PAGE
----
I thought about William James all week because of a conversation I had with Eddie Glaude over lunch. We are both students of James and we were talking about the times we are living in and the courage that is called for. At one point, the conversation moved so quickly that we were practically finishing each other’s sentences. He was talking about the existential courage we read in James and I shouted like a child, “We’re on the mountain pass!” He punched me in the arm in recognition of the reference as the rest of the table wondered what on earth we were so excited about. We’ll return to the mountain pass allusion, which is drawn from James’ essay “The Will to Believe,” but we need to take one step back before we do. Back about eighty years before James went to Edinburgh.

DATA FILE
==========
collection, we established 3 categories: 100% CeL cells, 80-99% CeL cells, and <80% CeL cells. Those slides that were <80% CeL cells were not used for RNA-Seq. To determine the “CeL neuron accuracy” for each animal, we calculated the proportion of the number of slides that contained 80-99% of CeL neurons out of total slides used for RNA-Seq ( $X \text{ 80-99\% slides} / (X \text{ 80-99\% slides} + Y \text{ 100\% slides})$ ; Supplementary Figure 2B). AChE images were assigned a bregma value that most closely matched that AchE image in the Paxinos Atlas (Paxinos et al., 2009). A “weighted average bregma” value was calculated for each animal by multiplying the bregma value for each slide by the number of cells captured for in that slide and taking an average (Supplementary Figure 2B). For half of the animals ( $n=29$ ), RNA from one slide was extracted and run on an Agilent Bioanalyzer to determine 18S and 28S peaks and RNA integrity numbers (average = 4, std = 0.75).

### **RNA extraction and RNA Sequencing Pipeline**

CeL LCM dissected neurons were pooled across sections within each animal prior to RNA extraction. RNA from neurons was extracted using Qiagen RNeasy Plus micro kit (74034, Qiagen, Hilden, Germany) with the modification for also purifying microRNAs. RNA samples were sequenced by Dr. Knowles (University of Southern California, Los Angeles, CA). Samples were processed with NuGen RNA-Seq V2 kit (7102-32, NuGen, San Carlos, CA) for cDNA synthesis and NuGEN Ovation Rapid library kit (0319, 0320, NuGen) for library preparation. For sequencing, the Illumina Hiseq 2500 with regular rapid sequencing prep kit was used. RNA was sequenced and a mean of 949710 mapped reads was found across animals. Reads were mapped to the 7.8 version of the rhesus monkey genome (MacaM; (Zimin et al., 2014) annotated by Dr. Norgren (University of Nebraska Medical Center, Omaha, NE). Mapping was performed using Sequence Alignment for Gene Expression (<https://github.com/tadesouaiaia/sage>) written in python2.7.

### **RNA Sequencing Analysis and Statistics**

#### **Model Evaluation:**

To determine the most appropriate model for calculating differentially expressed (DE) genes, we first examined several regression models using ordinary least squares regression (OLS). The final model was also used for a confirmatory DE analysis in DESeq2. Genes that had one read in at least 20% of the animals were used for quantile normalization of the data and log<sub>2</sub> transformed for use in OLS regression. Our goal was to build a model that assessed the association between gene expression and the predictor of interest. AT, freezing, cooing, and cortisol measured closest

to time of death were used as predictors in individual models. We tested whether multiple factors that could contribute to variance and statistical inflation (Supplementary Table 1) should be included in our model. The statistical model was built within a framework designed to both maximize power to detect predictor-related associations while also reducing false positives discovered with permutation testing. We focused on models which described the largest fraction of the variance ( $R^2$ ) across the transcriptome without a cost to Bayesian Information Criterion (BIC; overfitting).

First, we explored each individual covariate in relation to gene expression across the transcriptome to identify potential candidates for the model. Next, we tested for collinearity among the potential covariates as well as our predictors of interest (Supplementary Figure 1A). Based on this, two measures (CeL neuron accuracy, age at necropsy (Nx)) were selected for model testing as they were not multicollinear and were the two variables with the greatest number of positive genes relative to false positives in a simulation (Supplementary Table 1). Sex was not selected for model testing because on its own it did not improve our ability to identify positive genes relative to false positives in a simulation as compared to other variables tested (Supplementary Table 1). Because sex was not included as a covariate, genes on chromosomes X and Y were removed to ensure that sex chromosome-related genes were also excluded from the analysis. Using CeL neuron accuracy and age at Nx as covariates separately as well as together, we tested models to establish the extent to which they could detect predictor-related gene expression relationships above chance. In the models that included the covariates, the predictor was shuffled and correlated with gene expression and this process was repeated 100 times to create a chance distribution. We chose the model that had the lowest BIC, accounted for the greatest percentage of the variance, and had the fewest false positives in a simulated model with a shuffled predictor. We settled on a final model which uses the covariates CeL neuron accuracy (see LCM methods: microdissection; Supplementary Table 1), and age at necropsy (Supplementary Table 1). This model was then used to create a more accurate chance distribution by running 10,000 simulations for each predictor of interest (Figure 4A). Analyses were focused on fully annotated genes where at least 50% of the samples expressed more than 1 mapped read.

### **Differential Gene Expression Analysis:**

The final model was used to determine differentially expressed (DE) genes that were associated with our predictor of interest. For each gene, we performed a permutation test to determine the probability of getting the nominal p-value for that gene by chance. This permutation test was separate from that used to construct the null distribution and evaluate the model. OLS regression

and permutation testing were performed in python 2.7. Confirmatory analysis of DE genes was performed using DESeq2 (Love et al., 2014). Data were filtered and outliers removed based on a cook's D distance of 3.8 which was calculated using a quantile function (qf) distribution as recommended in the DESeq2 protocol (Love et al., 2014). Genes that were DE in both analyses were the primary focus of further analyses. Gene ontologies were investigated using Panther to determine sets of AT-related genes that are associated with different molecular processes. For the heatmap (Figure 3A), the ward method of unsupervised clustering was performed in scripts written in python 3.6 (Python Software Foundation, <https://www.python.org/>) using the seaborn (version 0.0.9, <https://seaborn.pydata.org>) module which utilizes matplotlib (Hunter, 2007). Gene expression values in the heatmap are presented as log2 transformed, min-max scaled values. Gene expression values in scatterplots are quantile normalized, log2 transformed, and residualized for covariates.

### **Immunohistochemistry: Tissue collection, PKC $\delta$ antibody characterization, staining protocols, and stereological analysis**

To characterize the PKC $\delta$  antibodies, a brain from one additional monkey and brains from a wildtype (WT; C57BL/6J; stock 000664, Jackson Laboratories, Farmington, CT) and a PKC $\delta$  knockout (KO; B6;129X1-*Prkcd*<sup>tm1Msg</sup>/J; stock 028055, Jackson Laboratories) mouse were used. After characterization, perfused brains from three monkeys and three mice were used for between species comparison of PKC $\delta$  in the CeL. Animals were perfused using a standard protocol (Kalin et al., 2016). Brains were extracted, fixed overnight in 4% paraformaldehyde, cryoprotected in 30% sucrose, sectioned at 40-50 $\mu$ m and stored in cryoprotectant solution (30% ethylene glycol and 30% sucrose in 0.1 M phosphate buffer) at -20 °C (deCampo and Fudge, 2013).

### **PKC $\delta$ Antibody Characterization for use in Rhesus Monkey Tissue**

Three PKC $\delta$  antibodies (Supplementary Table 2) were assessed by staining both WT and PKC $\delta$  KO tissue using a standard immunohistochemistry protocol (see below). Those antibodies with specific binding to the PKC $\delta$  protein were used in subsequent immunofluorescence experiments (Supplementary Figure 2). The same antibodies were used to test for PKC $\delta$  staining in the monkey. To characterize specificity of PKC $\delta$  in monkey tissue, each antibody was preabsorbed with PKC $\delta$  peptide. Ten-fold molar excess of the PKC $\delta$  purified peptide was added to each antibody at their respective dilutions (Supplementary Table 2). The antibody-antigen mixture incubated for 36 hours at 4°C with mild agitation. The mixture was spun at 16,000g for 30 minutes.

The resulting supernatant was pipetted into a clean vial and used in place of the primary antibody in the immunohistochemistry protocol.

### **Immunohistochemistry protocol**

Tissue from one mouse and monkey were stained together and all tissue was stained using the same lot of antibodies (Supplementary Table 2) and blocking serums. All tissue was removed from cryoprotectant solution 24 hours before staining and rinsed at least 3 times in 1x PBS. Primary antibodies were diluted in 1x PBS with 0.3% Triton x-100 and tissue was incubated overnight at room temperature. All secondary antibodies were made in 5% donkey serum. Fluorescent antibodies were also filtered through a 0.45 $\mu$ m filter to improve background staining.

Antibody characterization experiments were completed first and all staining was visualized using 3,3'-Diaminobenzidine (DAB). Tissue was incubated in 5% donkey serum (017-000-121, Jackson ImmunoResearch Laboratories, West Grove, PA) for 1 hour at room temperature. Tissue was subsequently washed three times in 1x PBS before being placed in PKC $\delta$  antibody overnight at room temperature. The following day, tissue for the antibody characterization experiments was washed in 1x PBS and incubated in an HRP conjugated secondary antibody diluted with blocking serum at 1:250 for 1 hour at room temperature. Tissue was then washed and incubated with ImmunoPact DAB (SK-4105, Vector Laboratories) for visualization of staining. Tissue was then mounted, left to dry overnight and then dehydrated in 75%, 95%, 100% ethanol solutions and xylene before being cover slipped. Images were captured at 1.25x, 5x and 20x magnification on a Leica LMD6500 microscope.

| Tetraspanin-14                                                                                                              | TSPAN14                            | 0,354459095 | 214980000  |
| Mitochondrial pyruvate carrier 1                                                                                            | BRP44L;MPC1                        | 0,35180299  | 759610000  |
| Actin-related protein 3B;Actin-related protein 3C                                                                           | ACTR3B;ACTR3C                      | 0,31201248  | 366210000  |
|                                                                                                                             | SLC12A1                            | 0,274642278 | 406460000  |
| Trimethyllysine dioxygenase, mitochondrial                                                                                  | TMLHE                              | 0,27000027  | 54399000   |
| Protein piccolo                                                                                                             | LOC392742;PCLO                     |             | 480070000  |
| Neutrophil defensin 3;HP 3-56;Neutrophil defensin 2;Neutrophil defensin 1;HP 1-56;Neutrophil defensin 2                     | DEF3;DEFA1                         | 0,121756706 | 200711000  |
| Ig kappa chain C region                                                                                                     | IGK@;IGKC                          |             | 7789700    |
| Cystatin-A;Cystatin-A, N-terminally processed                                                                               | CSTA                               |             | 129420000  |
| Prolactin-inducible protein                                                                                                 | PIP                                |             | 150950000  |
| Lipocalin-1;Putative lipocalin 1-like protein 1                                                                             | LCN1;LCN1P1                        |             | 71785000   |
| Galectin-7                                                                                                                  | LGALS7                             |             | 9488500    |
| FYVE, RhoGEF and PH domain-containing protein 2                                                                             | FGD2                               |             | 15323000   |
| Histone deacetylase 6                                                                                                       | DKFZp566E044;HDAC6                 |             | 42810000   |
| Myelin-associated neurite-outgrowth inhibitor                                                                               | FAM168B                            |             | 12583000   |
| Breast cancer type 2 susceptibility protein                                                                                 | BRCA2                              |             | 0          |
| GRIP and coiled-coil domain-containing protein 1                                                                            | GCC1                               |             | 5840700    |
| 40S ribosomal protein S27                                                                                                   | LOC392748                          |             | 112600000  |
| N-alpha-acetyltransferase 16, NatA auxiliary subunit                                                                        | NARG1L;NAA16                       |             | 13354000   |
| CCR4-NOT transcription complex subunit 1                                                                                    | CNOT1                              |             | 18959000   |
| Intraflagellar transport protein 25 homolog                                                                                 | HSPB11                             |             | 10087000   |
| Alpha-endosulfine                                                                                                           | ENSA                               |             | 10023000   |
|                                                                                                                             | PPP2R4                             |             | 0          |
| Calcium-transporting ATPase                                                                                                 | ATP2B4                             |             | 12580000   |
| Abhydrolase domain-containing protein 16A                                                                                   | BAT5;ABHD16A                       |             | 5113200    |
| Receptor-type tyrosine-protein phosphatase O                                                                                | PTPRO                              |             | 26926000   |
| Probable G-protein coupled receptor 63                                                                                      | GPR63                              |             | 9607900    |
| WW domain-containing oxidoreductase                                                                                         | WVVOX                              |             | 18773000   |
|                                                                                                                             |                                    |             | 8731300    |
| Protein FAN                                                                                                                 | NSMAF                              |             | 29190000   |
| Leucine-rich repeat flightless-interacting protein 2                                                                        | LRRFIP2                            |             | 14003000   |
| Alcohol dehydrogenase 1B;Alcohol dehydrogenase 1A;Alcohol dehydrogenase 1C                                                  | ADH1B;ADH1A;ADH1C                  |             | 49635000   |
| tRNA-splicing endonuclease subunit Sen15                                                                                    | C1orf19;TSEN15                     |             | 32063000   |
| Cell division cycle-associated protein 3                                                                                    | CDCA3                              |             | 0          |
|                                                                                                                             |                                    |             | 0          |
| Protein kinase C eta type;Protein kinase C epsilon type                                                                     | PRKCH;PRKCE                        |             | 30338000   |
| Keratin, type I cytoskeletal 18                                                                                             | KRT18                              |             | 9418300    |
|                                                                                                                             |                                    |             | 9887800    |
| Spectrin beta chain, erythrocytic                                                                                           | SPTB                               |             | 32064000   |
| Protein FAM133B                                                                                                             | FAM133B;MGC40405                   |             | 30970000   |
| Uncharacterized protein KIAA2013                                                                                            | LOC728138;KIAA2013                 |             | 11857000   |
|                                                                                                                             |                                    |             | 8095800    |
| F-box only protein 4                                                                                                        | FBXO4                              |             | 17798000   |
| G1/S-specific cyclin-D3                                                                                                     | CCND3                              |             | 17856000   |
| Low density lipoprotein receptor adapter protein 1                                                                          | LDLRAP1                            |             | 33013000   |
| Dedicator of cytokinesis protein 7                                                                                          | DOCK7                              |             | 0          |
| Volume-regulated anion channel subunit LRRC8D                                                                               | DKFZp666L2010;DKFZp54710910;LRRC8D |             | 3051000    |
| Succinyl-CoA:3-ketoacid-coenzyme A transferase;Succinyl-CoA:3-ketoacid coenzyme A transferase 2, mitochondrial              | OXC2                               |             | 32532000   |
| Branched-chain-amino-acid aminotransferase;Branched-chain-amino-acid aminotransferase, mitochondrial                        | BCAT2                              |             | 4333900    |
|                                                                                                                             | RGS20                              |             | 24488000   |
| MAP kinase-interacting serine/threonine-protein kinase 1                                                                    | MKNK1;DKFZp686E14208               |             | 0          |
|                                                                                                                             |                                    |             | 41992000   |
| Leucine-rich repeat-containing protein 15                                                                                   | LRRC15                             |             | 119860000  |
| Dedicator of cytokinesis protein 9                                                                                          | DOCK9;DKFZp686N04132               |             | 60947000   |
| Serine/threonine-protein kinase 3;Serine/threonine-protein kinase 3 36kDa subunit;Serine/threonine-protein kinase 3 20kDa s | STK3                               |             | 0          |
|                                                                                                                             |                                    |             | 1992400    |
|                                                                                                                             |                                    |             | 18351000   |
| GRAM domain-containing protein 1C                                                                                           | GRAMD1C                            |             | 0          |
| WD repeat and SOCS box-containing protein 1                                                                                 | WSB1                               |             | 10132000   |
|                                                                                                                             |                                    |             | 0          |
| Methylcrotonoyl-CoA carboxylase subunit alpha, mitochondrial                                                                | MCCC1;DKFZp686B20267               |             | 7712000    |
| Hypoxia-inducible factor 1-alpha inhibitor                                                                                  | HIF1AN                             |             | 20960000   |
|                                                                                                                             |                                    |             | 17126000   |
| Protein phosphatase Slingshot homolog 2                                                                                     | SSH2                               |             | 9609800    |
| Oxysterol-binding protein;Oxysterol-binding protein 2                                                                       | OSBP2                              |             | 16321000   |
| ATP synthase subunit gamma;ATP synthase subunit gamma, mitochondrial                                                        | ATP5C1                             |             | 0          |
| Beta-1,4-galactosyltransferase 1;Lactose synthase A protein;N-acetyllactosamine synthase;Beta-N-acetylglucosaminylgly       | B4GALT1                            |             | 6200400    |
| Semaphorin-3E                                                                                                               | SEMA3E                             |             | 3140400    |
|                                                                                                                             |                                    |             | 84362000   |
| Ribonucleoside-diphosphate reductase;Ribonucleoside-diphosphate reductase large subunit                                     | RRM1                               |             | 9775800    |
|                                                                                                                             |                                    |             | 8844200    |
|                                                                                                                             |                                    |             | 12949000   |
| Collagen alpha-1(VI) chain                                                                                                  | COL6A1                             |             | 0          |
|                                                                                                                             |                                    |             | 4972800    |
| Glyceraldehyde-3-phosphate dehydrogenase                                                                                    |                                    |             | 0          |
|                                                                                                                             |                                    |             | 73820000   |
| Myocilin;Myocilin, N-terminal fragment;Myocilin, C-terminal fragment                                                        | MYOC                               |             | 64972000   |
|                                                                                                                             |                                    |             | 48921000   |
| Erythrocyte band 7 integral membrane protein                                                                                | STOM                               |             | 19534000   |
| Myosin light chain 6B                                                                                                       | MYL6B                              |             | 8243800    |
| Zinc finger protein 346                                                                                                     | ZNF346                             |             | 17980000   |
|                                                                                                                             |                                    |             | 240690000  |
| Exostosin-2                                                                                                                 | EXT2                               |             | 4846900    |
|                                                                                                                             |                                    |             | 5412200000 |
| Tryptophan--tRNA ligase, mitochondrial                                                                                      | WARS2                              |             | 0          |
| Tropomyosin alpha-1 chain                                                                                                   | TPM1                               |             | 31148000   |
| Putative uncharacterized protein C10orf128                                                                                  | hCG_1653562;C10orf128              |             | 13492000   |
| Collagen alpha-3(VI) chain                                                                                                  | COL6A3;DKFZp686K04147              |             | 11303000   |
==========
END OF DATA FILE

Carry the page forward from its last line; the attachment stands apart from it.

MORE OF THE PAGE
In his lecture here at Circular Church, Eddie Glaude began by referencing Shelley’s “A Defence of Poetry.” Actually, he referenced it when he got off the plane, after we first shook hands in the airport concourse. We greeted each other and were talking. Eddie asked about how things were in Charleston and made a comment about the times we were living in. And as we spoke he invoked Shelley. “Imagination is the battleground,” he said. We wondered what it would take to imagine different times than these, different possibilities. And that was one of the major themes of Eddie Glaude’s time with us. After so many years of having our imaginations confined, constricted, and hemmed in. . . After so many years of living with a stale status quo where the divide between rich and poor grows and the resegregation of our communities and schools deepens. . . After so many years of participating in an economy that destroys and depletes the earth and puts us all in peril. . . Could we imagine differently? Could we widen our notions of what is possible? Could we break through our inhibitions in newly expansive ways?